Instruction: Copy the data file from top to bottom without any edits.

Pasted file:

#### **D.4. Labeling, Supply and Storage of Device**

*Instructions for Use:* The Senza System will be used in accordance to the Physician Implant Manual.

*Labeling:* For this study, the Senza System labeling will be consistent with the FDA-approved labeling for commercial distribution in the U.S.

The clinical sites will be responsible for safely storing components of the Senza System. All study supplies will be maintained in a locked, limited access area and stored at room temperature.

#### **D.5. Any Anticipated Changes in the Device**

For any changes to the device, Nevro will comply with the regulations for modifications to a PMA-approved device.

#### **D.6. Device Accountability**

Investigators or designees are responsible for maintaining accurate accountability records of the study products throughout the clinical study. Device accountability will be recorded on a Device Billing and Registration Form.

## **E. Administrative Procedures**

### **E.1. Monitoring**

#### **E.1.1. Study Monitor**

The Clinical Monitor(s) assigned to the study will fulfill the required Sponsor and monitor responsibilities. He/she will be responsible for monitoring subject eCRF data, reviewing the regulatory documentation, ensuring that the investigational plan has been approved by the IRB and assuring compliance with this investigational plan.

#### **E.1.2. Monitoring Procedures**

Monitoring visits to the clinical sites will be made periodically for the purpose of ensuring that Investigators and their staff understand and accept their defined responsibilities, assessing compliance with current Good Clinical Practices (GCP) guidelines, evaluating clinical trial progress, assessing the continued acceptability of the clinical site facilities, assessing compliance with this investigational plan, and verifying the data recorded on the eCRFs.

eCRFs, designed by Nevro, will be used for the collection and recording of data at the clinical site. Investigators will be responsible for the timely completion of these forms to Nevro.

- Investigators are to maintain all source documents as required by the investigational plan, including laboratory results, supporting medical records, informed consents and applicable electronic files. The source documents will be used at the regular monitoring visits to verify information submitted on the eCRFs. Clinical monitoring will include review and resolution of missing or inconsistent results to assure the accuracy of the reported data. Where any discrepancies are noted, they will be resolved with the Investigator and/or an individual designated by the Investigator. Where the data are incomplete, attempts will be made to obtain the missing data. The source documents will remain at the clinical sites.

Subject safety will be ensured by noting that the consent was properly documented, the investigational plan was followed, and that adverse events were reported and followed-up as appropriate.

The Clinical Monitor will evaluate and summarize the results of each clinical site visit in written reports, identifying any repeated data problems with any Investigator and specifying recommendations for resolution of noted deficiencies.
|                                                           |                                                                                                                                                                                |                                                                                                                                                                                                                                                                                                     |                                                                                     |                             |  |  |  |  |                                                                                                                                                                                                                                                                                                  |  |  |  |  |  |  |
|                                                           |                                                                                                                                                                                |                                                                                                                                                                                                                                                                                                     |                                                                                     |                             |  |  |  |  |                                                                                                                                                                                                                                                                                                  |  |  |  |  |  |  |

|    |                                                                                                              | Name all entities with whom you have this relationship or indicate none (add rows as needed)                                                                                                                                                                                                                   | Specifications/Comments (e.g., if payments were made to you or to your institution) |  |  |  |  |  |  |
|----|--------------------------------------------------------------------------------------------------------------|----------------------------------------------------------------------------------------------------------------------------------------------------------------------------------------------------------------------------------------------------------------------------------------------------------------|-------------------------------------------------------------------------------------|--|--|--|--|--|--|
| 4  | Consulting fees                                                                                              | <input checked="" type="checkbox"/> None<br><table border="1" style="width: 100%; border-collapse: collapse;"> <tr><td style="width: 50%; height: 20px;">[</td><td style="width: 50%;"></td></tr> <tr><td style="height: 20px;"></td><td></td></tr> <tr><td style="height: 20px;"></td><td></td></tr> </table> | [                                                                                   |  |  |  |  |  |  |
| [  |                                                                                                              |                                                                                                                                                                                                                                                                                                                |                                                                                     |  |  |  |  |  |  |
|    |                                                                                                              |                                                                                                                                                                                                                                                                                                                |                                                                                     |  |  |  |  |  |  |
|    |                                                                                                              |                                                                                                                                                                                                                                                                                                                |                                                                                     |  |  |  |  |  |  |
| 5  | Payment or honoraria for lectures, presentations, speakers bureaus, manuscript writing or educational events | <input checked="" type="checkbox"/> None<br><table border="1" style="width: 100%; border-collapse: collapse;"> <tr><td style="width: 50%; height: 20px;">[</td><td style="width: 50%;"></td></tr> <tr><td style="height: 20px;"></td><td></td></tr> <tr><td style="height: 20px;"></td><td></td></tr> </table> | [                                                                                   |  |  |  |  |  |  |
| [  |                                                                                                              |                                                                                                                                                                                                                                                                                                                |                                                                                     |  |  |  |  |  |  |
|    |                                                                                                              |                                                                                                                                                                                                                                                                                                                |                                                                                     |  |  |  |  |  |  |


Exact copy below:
#### **D.4. Labeling, Supply and Storage of Device**

*Instructions for Use:* The Senza System will be used in accordance to the Physician Implant Manual.

*Labeling:* For this study, the Senza System labeling will be consistent with the FDA-approved labeling for commercial distribution in the U.S.

The clinical sites will be responsible for safely storing components of the Senza System. All study supplies will be maintained in a locked, limited access area and stored at room temperature.

#### **D.5. Any Anticipated Changes in the Device**

For any changes to the device, Nevro will comply with the regulations for modifications to a PMA-approved device.

#### **D.6. Device Accountability**

Investigators or designees are responsible for maintaining accurate accountability records of the study products throughout the clinical study. Device accountability will be recorded on a Device Billing and Registration Form.

## **E. Administrative Procedures**

### **E.1. Monitoring**

#### **E.1.1. Study Monitor**

The Clinical Monitor(s) assigned to the study will fulfill the required Sponsor and monitor responsibilities. He/she will be responsible for monitoring subject eCRF data, reviewing the regulatory documentation, ensuring that the investigational plan has been approved by the IRB and assuring compliance with this investigational plan.

#### **E.1.2. Monitoring Procedures**

Monitoring visits to the clinical sites will be made periodically for the purpose of ensuring that Investigators and their staff understand and accept their defined responsibilities, assessing compliance with current Good Clinical Practices (GCP) guidelines, evaluating clinical trial progress, assessing the continued acceptability of the clinical site facilities, assessing compliance with this investigational plan, and verifying the data recorded on the eCRFs.

eCRFs, designed by Nevro, will be used for the collection and recording of data at the clinical site. Investigators will be responsible for the timely completion of these forms to Nevro.

- Investigators are to maintain all source documents as required by the investigational plan, including laboratory results, supporting medical records, informed consents and applicable electronic files. The source documents will be used at the regular monitoring visits to verify information submitted on the eCRFs. Clinical monitoring will include review and resolution of missing or inconsistent results to assure the accuracy of the reported data. Where any discrepancies are noted, they will be resolved with the Investigator and/or an individual designated by the Investigator. Where the data are incomplete, attempts will be made to obtain the missing data. The source documents will remain at the clinical sites.

Subject safety will be ensured by noting that the consent was properly documented, the investigational plan was followed, and that adverse events were reported and followed-up as appropriate.

The Clinical Monitor will evaluate and summarize the results of each clinical site visit in written reports, identifying any repeated data problems with any Investigator and specifying recommendations for resolution of noted deficiencies.
|                                                           |                                                                                                                                                                                |                                                                                                                                                                                                                                                                                                     |                                                                                     |                             |  |  |  |  |                                                                                                                                                                                                                                                                                                  |  |  |  |  |  |  |
|                                                           |                                                                                                                                                                                |                                                                                                                                                                                                                                                                                                     |                                                                                     |                             |  |  |  |  |                                                                                                                                                                                                                                                                                                  |  |  |  |  |  |  |

|    |                                                                                                              | Name all entities with whom you have this relationship or indicate none (add rows as needed)                                                                                                                                                                                                                   | Specifications/Comments (e.g., if payments were made to you or to your institution) |  |  |  |  |  |  |
|----|--------------------------------------------------------------------------------------------------------------|----------------------------------------------------------------------------------------------------------------------------------------------------------------------------------------------------------------------------------------------------------------------------------------------------------------|-------------------------------------------------------------------------------------|--|--|--|--|--|--|
| 4  | Consulting fees                                                                                              | <input checked="" type="checkbox"/> None<br><table border="1" style="width: 100%; border-collapse: collapse;"> <tr><td style="width: 50%; height: 20px;">[</td><td style="width: 50%;"></td></tr> <tr><td style="height: 20px;"></td><td></td></tr> <tr><td style="height: 20px;"></td><td></td></tr> </table> | [                                                                                   |  |  |  |  |  |  |
| [  |                                                                                                              |                                                                                                                                                                                                                                                                                                                |                                                                                     |  |  |  |  |  |  |
|    |                                                                                                              |                                                                                                                                                                                                                                                                                                                |                                                                                     |  |  |  |  |  |  |
|    |                                                                                                              |                                                                                                                                                                                                                                                                                                                |                                                                                     |  |  |  |  |  |  |
| 5  | Payment or honoraria for lectures, presentations, speakers bureaus, manuscript writing or educational events | <input checked="" type="checkbox"/> None<br><table border="1" style="width: 100%; border-collapse: collapse;"> <tr><td style="width: 50%; height: 20px;">[</td><td style="width: 50%;"></td></tr> <tr><td style="height: 20px;"></td><td></td></tr> <tr><td style="height: 20px;"></td><td></td></tr> </table> | [                                                                                   |  |  |  |  |  |  |
| [  |                                                                                                              |                                                                                                                                                                                                                                                                                                                |                                                                                     |  |  |  |  |  |  |
|    |                                                                                                              |                                                                                                                                                                                                                                                                                                                |                                                                                     |  |  |  |  |  |  |